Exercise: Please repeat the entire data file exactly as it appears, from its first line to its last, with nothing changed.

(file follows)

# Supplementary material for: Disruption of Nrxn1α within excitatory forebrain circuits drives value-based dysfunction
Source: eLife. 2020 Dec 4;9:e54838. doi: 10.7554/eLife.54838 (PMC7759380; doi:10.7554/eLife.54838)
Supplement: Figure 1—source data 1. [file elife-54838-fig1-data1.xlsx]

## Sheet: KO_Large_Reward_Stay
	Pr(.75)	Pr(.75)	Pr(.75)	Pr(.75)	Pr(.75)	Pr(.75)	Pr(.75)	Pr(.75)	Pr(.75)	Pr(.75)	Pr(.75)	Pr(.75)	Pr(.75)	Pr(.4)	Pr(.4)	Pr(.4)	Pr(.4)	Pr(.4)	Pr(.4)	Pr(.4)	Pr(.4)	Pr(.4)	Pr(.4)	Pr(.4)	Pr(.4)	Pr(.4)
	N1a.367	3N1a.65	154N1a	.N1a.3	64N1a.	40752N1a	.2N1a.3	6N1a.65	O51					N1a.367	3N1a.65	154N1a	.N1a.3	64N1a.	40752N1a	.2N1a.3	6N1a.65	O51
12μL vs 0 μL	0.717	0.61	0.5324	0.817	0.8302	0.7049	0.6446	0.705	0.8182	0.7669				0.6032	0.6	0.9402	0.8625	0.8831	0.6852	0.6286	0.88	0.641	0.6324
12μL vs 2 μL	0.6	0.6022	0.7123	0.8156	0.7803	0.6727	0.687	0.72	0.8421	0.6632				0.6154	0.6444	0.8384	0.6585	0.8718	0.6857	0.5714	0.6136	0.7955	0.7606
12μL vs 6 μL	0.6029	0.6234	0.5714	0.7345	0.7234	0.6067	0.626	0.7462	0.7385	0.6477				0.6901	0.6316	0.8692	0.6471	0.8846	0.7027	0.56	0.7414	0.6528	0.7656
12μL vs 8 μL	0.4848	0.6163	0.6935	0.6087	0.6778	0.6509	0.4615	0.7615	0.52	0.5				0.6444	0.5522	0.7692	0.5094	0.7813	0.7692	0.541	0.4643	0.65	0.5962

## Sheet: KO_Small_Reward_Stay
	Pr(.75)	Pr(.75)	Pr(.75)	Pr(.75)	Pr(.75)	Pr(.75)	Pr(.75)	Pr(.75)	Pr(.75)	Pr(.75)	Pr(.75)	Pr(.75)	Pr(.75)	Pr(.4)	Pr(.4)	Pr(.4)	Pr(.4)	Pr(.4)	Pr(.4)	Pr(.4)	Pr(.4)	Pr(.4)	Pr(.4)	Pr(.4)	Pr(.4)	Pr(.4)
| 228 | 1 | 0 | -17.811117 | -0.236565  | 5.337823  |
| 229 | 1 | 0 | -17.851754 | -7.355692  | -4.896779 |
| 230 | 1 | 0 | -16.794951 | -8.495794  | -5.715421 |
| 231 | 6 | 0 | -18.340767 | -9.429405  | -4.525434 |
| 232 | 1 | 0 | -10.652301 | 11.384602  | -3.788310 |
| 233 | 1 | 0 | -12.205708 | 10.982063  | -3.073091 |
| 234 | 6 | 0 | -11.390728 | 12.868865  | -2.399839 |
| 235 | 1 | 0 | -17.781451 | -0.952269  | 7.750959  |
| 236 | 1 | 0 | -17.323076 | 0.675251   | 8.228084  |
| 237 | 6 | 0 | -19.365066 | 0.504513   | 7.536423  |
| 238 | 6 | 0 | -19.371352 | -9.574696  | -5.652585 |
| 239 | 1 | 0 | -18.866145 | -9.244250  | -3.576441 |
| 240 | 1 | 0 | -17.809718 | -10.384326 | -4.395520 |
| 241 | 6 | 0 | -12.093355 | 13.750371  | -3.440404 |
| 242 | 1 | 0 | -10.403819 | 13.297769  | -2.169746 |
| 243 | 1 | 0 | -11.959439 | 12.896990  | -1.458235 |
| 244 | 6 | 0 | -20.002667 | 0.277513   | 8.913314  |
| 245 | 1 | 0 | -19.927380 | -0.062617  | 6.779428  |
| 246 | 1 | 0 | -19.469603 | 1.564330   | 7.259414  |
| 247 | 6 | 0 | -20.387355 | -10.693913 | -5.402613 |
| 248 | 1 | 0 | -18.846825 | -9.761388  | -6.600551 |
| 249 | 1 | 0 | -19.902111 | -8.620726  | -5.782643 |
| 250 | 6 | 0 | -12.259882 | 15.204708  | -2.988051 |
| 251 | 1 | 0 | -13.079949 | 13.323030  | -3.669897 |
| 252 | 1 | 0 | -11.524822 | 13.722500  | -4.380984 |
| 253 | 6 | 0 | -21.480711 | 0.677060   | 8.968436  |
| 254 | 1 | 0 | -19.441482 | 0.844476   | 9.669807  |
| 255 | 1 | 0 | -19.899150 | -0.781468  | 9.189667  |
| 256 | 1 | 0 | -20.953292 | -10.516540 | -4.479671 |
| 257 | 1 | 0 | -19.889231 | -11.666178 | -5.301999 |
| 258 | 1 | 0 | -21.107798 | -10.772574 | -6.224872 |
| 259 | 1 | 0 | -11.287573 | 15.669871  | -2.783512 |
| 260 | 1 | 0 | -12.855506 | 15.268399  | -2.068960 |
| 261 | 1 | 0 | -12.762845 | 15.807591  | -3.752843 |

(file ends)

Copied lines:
# Supplementary material for: Disruption of Nrxn1α within excitatory forebrain circuits drives value-based dysfunction
Source: eLife. 2020 Dec 4;9:e54838. doi: 10.7554/eLife.54838 (PMC7759380; doi:10.7554/eLife.54838)
Supplement: Figure 1—source data 1. [file elife-54838-fig1-data1.xlsx]

## Sheet: KO_Large_Reward_Stay
	Pr(.75)	Pr(.75)	Pr(.75)	Pr(.75)	Pr(.75)	Pr(.75)	Pr(.75)	Pr(.75)	Pr(.75)	Pr(.75)	Pr(.75)	Pr(.75)	Pr(.75)	Pr(.4)	Pr(.4)	Pr(.4)	Pr(.4)	Pr(.4)	Pr(.4)	Pr(.4)	Pr(.4)	Pr(.4)	Pr(.4)	Pr(.4)	Pr(.4)	Pr(.4)
	N1a.367	3N1a.65	154N1a	.N1a.3	64N1a.	40752N1a	.2N1a.3	6N1a.65	O51					N1a.367	3N1a.65	154N1a	.N1a.3	64N1a.	40752N1a	.2N1a.3	6N1a.65	O51
12μL vs 0 μL	0.717	0.61	0.5324	0.817	0.8302	0.7049	0.6446	0.705	0.8182	0.7669				0.6032	0.6	0.9402	0.8625	0.8831	0.6852	0.6286	0.88	0.641	0.6324
12μL vs 2 μL	0.6	0.6022	0.7123	0.8156	0.7803	0.6727	0.687	0.72	0.8421	0.6632				0.6154	0.6444	0.8384	0.6585	0.8718	0.6857	0.5714	0.6136	0.7955	0.7606
12μL vs 6 μL	0.6029	0.6234	0.5714	0.7345	0.7234	0.6067	0.626	0.7462	0.7385	0.6477				0.6901	0.6316	0.8692	0.6471	0.8846	0.7027	0.56	0.7414	0.6528	0.7656
12μL vs 8 μL	0.4848	0.6163	0.6935	0.6087	0.6778	0.6509	0.4615	0.7615	0.52	0.5				0.6444	0.5522	0.7692	0.5094	0.7813	0.7692	0.541	0.4643	0.65	0.5962

## Sheet: KO_Small_Reward_Stay
	Pr(.75)	Pr(.75)	Pr(.75)	Pr(.75)	Pr(.75)	Pr(.75)	Pr(.75)	Pr(.75)	Pr(.75)	Pr(.75)	Pr(.75)	Pr(.75)	Pr(.75)	Pr(.4)	Pr(.4)	Pr(.4)	Pr(.4)	Pr(.4)	Pr(.4)	Pr(.4)	Pr(.4)	Pr(.4)	Pr(.4)	Pr(.4)	Pr(.4)	Pr(.4)
| 228 | 1 | 0 | -17.811117 | -0.236565  | 5.337823  |
| 229 | 1 | 0 | -17.851754 | -7.355692  | -4.896779 |
| 230 | 1 | 0 | -16.794951 | -8.495794  | -5.715421 |
| 231 | 6 | 0 | -18.340767 | -9.429405  | -4.525434 |
| 232 | 1 | 0 | -10.652301 | 11.384602  | -3.788310 |
| 233 | 1 | 0 | -12.205708 | 10.982063  | -3.073091 |
| 234 | 6 | 0 | -11.390728 | 12.868865  | -2.399839 |
| 235 | 1 | 0 | -17.781451 | -0.952269  | 7.750959  |
| 236 | 1 | 0 | -17.323076 | 0.675251   | 8.228084  |
| 237 | 6 | 0 | -19.365066 | 0.504513   | 7.536423  |
| 238 | 6 | 0 | -19.371352 | -9.574696  | -5.652585 |
| 239 | 1 | 0 | -18.866145 | -9.244250  | -3.576441 |
| 240 | 1 | 0 | -17.809718 | -10.384326 | -4.395520 |
| 241 | 6 | 0 | -12.093355 | 13.750371  | -3.440404 |
| 242 | 1 | 0 | -10.403819 | 13.297769  | -2.169746 |
| 243 | 1 | 0 | -11.959439 | 12.896990  | -1.458235 |
| 244 | 6 | 0 | -20.002667 | 0.277513   | 8.913314  |
| 245 | 1 | 0 | -19.927380 | -0.062617  | 6.779428  |
| 246 | 1 | 0 | -19.469603 | 1.564330   | 7.259414  |
| 247 | 6 | 0 | -20.387355 | -10.693913 | -5.402613 |
| 248 | 1 | 0 | -18.846825 | -9.761388  | -6.600551 |
| 249 | 1 | 0 | -19.902111 | -8.620726  | -5.782643 |
| 250 | 6 | 0 | -12.259882 | 15.204708  | -2.988051 |
| 251 | 1 | 0 | -13.079949 | 13.323030  | -3.669897 |
| 252 | 1 | 0 | -11.524822 | 13.722500  | -4.380984 |
| 253 | 6 | 0 | -21.480711 | 0.677060   | 8.968436  |
| 254 | 1 | 0 | -19.441482 | 0.844476   | 9.669807  |
| 255 | 1 | 0 | -19.899150 | -0.781468  | 9.189667  |
| 256 | 1 | 0 | -20.953292 | -10.516540 | -4.479671 |
| 257 | 1 | 0 | -19.889231 | -11.666178 | -5.301999 |
| 258 | 1 | 0 | -21.107798 | -10.772574 | -6.224872 |
| 259 | 1 | 0 | -11.287573 | 15.669871  | -2.783512 |
| 260 | 1 | 0 | -12.855506 | 15.268399  | -2.068960 |
| 261 | 1 | 0 | -12.762845 | 15.807591  | -3.752843 |